The opening Rim reveals Jan Garbarek to be a strong and original tenor player sometimes reminiscent of Yusef Lateef and Gato Barbieri. This track also shows Arild Andersen to be a good bass player, and Edward Vesala to be a lousy drummer whether playing behind the beautiful tenor solo or ruining its effect by following it with a very floppy drum solo. (Virtually all of the short Sang consists of another such exploration of flop.)
The other two long tracks, J.E.V. (a surrealist ‘I’ll Be Seeing You’) and Triptykon feature the leader’s original soprano playing recorded with too much echo. Actually, on the latter tracks he forsakes his originality after a while to fall into the familiar Coltrane trap and then surprisingly ending up sounding like Lol Coxhill. These three tracks which make up the bulk of the record do have some fine moments, but suffer from a continual sameness of feel, largely due to the unimaginative drumming.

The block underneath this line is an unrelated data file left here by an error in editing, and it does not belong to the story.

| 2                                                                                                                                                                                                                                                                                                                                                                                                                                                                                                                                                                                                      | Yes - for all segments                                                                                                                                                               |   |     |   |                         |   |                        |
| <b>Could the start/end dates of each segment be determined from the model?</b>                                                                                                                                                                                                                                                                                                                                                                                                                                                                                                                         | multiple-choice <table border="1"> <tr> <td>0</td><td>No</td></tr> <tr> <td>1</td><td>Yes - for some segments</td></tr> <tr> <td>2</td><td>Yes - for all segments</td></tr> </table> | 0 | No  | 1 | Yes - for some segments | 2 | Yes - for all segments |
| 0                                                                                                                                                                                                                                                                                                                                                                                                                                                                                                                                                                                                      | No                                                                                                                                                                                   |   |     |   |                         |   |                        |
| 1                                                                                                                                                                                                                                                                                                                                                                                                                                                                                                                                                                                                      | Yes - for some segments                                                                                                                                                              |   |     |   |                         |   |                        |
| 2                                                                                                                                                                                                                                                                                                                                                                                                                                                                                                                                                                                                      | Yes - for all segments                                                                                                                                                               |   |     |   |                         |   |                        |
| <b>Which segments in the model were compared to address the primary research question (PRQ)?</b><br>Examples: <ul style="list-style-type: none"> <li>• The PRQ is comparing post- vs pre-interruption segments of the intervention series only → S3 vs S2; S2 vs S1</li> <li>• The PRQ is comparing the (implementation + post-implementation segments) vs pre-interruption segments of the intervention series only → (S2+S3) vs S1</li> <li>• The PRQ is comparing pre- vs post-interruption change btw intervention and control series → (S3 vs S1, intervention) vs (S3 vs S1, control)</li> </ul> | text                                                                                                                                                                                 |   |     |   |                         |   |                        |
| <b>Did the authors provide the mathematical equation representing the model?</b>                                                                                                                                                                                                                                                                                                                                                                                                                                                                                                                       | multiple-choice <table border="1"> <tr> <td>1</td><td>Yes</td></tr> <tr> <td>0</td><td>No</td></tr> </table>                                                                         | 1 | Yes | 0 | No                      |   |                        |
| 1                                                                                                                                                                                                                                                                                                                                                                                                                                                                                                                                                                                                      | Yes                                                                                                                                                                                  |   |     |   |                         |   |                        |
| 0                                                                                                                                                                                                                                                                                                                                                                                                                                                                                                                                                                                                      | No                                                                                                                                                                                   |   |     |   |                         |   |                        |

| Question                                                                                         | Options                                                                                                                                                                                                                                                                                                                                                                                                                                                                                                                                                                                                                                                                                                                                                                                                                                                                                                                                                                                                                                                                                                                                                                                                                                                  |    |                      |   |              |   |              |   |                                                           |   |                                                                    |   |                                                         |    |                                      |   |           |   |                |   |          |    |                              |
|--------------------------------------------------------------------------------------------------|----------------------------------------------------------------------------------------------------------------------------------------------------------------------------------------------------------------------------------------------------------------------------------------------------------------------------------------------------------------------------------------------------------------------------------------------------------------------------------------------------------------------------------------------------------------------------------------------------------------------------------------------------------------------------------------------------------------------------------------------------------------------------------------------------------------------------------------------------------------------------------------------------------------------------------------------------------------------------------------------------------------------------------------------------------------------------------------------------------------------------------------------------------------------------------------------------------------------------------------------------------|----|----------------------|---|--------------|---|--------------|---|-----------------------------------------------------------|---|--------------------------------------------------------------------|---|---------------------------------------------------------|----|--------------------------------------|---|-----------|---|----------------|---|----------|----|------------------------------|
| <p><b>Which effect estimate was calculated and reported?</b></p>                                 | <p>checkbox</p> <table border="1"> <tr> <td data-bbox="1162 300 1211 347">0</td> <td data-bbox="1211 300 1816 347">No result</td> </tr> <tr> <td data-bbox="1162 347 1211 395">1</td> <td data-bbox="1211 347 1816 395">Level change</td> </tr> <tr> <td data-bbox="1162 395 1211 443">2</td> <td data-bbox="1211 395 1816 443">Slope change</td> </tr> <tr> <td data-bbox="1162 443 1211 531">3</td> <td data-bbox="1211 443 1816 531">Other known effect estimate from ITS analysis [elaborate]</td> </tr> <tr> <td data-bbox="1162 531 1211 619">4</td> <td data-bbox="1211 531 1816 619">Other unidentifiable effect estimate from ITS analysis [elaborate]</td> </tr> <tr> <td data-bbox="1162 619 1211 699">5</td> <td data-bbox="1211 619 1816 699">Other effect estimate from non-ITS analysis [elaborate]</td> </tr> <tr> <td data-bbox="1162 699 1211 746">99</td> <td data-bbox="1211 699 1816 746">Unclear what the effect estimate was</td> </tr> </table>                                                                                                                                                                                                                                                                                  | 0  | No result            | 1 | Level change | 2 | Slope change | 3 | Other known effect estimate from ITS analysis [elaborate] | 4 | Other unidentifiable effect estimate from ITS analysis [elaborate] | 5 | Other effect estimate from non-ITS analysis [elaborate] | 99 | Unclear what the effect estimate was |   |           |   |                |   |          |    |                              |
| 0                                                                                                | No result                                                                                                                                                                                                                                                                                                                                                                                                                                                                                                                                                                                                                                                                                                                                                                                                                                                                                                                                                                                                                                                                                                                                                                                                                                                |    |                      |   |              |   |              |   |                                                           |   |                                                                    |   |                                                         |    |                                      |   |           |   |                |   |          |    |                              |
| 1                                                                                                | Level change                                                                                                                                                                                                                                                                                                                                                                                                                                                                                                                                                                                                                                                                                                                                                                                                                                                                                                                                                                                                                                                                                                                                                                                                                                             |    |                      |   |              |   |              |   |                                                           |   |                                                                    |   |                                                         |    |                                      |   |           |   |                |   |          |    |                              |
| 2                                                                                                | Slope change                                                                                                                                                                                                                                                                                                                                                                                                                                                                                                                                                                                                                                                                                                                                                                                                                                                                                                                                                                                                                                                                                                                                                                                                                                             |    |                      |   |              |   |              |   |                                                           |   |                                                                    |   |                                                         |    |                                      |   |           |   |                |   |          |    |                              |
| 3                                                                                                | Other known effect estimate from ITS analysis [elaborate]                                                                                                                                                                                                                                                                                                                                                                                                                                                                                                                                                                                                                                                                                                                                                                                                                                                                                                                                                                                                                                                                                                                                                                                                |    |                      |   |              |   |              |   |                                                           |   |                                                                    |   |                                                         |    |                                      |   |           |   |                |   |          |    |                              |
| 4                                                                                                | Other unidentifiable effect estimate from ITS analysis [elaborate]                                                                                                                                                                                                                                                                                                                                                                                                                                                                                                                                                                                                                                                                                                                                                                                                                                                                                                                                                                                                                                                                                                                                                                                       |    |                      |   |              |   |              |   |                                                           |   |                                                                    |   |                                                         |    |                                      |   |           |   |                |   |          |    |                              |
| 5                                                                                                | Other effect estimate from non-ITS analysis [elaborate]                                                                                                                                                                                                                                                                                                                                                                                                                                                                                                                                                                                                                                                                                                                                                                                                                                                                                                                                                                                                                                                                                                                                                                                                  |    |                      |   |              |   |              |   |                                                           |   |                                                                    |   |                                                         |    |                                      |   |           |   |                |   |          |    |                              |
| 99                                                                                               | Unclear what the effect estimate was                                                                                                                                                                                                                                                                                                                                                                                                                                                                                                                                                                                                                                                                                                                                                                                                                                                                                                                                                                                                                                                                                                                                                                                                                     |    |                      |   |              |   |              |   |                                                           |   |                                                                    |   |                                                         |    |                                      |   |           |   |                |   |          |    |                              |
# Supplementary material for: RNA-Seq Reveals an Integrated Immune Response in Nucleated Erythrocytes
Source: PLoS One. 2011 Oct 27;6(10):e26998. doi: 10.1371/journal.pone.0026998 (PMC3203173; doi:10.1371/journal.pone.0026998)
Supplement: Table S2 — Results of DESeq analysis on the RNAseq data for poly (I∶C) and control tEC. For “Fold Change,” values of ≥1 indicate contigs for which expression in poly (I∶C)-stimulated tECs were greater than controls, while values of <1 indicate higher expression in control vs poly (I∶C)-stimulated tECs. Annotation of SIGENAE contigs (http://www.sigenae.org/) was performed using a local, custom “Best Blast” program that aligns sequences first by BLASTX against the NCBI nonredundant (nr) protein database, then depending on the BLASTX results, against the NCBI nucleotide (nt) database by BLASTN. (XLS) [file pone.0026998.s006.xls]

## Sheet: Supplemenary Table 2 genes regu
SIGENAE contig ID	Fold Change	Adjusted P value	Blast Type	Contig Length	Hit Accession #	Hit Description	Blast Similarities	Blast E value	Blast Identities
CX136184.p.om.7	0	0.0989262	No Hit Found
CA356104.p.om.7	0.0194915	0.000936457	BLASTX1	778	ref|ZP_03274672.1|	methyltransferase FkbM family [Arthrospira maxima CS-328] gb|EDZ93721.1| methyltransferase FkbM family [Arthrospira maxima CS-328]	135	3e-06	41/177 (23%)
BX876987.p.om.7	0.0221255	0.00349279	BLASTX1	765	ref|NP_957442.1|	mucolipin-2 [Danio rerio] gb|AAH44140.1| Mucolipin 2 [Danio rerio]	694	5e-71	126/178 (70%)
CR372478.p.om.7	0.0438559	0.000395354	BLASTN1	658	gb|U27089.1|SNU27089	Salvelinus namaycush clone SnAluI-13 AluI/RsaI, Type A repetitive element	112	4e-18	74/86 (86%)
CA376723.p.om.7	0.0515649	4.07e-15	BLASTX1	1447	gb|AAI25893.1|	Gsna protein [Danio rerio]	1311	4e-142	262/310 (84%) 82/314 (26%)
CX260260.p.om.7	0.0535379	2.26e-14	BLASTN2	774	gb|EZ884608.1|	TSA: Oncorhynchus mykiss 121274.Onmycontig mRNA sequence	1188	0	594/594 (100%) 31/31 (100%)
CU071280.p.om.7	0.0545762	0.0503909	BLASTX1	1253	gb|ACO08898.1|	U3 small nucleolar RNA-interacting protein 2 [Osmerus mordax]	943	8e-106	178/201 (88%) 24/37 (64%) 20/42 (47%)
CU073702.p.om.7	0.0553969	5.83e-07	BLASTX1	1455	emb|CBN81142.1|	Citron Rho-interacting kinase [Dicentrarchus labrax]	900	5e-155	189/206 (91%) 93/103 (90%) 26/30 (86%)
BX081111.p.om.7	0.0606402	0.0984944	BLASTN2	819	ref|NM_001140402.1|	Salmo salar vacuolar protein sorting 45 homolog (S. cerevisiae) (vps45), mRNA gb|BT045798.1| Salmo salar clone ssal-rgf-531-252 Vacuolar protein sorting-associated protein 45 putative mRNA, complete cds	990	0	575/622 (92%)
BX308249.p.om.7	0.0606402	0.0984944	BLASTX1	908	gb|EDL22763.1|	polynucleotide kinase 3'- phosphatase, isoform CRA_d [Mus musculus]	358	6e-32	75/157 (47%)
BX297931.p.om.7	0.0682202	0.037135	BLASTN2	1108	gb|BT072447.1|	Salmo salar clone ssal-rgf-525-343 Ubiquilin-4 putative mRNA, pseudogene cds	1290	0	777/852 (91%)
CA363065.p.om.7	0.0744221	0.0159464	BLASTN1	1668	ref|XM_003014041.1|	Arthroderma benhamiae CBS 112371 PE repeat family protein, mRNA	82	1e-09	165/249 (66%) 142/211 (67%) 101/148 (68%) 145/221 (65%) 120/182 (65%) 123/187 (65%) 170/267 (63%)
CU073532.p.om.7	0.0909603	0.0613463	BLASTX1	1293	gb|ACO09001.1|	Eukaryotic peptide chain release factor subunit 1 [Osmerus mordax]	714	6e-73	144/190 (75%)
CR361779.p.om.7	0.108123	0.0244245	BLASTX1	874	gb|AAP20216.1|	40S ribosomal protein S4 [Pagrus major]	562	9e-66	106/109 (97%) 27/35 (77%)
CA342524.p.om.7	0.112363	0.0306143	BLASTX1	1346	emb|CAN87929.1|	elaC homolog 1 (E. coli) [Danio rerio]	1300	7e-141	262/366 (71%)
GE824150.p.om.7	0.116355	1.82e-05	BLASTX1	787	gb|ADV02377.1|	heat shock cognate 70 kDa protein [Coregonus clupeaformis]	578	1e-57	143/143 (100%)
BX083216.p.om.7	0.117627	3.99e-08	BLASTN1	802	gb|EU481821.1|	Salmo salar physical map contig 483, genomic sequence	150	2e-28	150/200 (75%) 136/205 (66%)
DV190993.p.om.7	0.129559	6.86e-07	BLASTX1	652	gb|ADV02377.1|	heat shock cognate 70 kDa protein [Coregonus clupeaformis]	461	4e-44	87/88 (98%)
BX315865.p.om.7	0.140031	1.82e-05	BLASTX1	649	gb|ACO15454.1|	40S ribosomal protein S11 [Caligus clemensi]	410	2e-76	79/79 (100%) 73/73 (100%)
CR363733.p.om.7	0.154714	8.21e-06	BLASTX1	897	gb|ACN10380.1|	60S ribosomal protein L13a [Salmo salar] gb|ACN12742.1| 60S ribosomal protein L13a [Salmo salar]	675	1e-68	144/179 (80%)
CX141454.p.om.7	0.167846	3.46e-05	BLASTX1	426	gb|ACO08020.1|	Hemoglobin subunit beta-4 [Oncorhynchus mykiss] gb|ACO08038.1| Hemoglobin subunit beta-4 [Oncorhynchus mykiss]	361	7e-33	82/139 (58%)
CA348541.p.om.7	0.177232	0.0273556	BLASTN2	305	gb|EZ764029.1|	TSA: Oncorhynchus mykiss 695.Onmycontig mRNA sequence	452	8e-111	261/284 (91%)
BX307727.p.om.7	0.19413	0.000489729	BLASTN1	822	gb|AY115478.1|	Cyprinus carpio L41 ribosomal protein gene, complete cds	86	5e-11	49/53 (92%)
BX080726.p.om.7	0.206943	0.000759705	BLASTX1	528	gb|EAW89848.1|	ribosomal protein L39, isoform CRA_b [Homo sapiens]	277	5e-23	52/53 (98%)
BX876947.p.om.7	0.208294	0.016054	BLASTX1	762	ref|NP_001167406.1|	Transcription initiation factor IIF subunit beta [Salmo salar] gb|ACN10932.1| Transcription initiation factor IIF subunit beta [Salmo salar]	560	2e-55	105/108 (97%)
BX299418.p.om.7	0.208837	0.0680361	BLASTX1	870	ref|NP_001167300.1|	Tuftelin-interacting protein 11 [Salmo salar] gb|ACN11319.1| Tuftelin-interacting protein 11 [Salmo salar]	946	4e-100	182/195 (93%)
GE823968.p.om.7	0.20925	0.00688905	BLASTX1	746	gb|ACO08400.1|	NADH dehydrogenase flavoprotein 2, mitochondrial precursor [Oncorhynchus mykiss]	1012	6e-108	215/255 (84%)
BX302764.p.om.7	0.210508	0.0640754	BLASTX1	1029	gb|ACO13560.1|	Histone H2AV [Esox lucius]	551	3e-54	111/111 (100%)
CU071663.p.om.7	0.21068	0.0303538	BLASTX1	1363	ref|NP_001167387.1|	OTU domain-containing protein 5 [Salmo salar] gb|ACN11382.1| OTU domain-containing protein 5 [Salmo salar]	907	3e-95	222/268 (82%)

The short tracks do add some variety with Bruremarsj being a light hearted look at a Norwegian folk song, and Selje sounding like a Bulgarian shepherd’s flute song with irrelevant accompaniment. The remaining Etu Hei! is a tenor/percussion duet whose agitation comes as a welcome relief even though Peter Brötzmann and Evan Parker play that area of music with much more conviction.
An interesting record that probably could have been recommended if there had been a better drummer, and more substantial music.
Rim; Selje; J.E.V. (20¾ min) – Sang; Triptykon; Etu Hei!; Bruremarsj (22 min)
Jan Garbarek (flt/sop/ten/bari); Arild Andersen (bs except on ‘Etu Hei!’); Edward Vesala (perc). Oslo 8/11/72.
(ECM 1029ST £2.45)